Virat Kohli’s performance was the only blessing that India had. He fought well and used his chances to declare that he is India’s batting mainstay in the future. Ravichandran Ashwin and Umesh also proved that they have it in them to excel in the big stage. Saha too has shown that he is a fighter. They need to cement their places through consistent performance and constant improvements. There are many more spinners, pacers and batsmen waiting in the ranks to grab their opportunities which are sadly not coming by. They will have to bide their time till the big guns call it a day. Or they will have to keep waiting till the selectors realise that the future of Indian cricket lies not in record holders whose glorious days are past but in youngsters who can bring back those glorious days for the country.


Chandrasekhar Jayaramakrishnan

16 September 2011

Had it not been for image, power and charisma, Indian cricket’s state of affairs would be contracting even more than it has over this English summer. By not turning up for the ICC awards ceremony in London, deliberate or not, the force of the critics’ arguments have carried on in to the abyss.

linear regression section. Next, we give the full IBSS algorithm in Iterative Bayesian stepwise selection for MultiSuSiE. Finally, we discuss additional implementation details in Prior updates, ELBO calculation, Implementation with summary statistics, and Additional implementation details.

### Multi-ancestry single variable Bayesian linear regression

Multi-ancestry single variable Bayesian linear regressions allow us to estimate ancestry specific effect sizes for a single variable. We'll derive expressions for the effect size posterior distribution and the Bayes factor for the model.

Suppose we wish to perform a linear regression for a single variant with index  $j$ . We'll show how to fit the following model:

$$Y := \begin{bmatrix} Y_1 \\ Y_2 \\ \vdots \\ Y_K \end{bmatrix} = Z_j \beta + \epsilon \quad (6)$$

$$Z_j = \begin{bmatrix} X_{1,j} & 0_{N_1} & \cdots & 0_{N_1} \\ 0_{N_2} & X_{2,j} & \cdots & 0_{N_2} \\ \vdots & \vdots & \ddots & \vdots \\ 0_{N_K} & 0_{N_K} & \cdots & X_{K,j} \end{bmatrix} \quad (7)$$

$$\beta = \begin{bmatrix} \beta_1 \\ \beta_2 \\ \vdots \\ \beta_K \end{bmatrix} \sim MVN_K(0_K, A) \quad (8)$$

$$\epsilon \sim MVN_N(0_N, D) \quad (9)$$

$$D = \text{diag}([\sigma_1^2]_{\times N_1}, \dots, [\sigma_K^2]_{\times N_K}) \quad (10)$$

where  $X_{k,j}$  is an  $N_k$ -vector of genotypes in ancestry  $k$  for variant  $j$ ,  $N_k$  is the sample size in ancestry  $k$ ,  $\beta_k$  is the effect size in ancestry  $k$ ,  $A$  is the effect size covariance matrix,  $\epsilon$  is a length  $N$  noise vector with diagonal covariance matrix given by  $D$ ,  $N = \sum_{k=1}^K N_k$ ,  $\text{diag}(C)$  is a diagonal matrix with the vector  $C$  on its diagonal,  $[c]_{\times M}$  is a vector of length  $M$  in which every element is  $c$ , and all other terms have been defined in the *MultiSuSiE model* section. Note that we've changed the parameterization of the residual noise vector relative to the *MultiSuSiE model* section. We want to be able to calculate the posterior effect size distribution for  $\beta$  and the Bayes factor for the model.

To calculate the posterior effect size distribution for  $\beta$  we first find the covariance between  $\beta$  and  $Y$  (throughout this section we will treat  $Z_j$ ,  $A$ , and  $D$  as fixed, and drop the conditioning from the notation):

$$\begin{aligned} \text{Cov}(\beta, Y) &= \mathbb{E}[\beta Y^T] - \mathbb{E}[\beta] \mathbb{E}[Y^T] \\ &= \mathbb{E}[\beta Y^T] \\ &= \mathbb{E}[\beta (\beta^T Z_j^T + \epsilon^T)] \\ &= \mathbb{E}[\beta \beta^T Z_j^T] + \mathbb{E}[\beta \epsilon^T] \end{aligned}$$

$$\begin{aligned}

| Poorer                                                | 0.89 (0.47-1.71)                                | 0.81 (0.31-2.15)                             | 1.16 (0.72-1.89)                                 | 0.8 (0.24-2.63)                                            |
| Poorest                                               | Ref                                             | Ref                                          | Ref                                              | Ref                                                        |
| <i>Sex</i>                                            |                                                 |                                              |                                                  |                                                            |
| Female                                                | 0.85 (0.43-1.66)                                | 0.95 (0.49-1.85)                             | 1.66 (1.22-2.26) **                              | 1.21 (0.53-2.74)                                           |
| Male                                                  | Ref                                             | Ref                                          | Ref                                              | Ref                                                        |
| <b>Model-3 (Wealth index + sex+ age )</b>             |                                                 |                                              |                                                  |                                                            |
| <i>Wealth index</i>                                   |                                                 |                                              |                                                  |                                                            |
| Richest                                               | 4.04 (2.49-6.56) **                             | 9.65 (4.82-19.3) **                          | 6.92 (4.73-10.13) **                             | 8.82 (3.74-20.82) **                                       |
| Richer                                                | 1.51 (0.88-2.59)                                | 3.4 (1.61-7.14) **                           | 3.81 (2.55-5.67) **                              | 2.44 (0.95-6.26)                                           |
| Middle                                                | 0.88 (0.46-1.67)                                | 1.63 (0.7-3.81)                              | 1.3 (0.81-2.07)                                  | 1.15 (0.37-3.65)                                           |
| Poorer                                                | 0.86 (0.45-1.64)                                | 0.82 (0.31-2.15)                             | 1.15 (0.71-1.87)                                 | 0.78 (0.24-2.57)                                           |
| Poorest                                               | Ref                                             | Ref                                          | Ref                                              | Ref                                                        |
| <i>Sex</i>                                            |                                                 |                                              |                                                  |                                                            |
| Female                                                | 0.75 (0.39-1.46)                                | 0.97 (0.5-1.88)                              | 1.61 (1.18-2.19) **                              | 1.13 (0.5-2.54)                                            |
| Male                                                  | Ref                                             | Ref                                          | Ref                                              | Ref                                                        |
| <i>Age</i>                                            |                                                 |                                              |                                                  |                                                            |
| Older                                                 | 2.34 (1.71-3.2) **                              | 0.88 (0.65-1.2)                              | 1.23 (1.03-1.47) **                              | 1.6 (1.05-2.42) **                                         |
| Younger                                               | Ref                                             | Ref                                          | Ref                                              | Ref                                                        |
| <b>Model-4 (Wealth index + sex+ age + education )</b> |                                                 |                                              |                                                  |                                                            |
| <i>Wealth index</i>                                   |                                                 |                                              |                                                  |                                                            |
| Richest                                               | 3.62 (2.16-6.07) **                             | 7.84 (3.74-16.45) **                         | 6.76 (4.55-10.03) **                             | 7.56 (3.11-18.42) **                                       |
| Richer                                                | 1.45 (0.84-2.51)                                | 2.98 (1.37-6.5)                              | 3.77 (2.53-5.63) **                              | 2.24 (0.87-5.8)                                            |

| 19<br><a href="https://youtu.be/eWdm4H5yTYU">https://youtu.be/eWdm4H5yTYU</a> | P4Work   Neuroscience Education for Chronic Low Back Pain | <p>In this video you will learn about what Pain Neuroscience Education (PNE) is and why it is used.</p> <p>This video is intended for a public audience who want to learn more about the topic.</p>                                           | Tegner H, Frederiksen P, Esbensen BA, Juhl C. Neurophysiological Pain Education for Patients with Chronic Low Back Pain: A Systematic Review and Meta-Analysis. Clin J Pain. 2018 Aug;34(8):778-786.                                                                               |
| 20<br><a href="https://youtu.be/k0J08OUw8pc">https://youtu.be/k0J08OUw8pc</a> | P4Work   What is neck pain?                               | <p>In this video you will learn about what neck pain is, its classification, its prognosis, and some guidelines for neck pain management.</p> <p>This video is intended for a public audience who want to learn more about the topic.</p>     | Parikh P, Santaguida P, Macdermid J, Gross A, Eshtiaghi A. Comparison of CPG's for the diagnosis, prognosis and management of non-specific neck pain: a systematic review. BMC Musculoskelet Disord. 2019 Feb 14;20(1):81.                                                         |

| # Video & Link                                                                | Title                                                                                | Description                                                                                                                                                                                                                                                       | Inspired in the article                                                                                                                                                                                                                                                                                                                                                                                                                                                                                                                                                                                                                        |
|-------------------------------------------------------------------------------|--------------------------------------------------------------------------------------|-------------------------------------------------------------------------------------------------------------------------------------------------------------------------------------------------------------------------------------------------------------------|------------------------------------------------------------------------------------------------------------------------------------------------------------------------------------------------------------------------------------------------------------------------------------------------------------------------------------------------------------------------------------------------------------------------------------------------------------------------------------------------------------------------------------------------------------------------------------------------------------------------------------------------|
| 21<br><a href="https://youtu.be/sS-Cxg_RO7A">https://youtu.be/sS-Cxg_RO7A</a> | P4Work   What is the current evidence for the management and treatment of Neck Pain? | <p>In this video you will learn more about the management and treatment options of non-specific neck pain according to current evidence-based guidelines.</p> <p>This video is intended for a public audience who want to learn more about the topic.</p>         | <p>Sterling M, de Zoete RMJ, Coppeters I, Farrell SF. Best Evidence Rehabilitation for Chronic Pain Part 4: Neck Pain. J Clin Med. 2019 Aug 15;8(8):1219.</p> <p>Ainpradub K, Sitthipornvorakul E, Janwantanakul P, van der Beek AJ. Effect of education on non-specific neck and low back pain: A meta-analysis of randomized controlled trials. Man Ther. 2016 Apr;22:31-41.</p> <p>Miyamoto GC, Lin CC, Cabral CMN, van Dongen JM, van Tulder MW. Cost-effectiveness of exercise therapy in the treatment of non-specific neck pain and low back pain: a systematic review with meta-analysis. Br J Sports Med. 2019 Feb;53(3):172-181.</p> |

The indications, thus far, are that Team India is unwilling to acknowledge mistakes on its part. The focus on their absence might have temporarily found some of the underperformers’ relief from being a part of obscure passages in tabloids, but the road away from London towards Wales will finally put an end to what has been nothing short of a disastrous series for India.

The Indians will certainly be hoping that crossing the English border would hopefully see a turn in their fortunes as batting stalwart Rahul Dravid, under strange circumstances, gets ready to wear the Indian blue outfit for the last time in his limited-overs career. That Graeme Swann had to openly admit that seeing Dravid for the last time would make the bowlers around the world heave a sigh of relief is a testament to his wonderful, illustrious career.

Rahul Dravid will bow out of the ODI arena at Sophia Gardens on Friday

Dravid has been the most perfect iteration of the textbook approach candidate. At various instances, during an era ruled by the hard hitters and shorter formats, a serene eye would squint as it witnessed Dravid attempt an odd slog, so unnatural of him, in the middle: open-chested, sweat-laded shirt, high elbowed, and ramrod straight – he could have so easily been the strict disciplinarian amidst pampered souls, lost in a world ruled by chaos.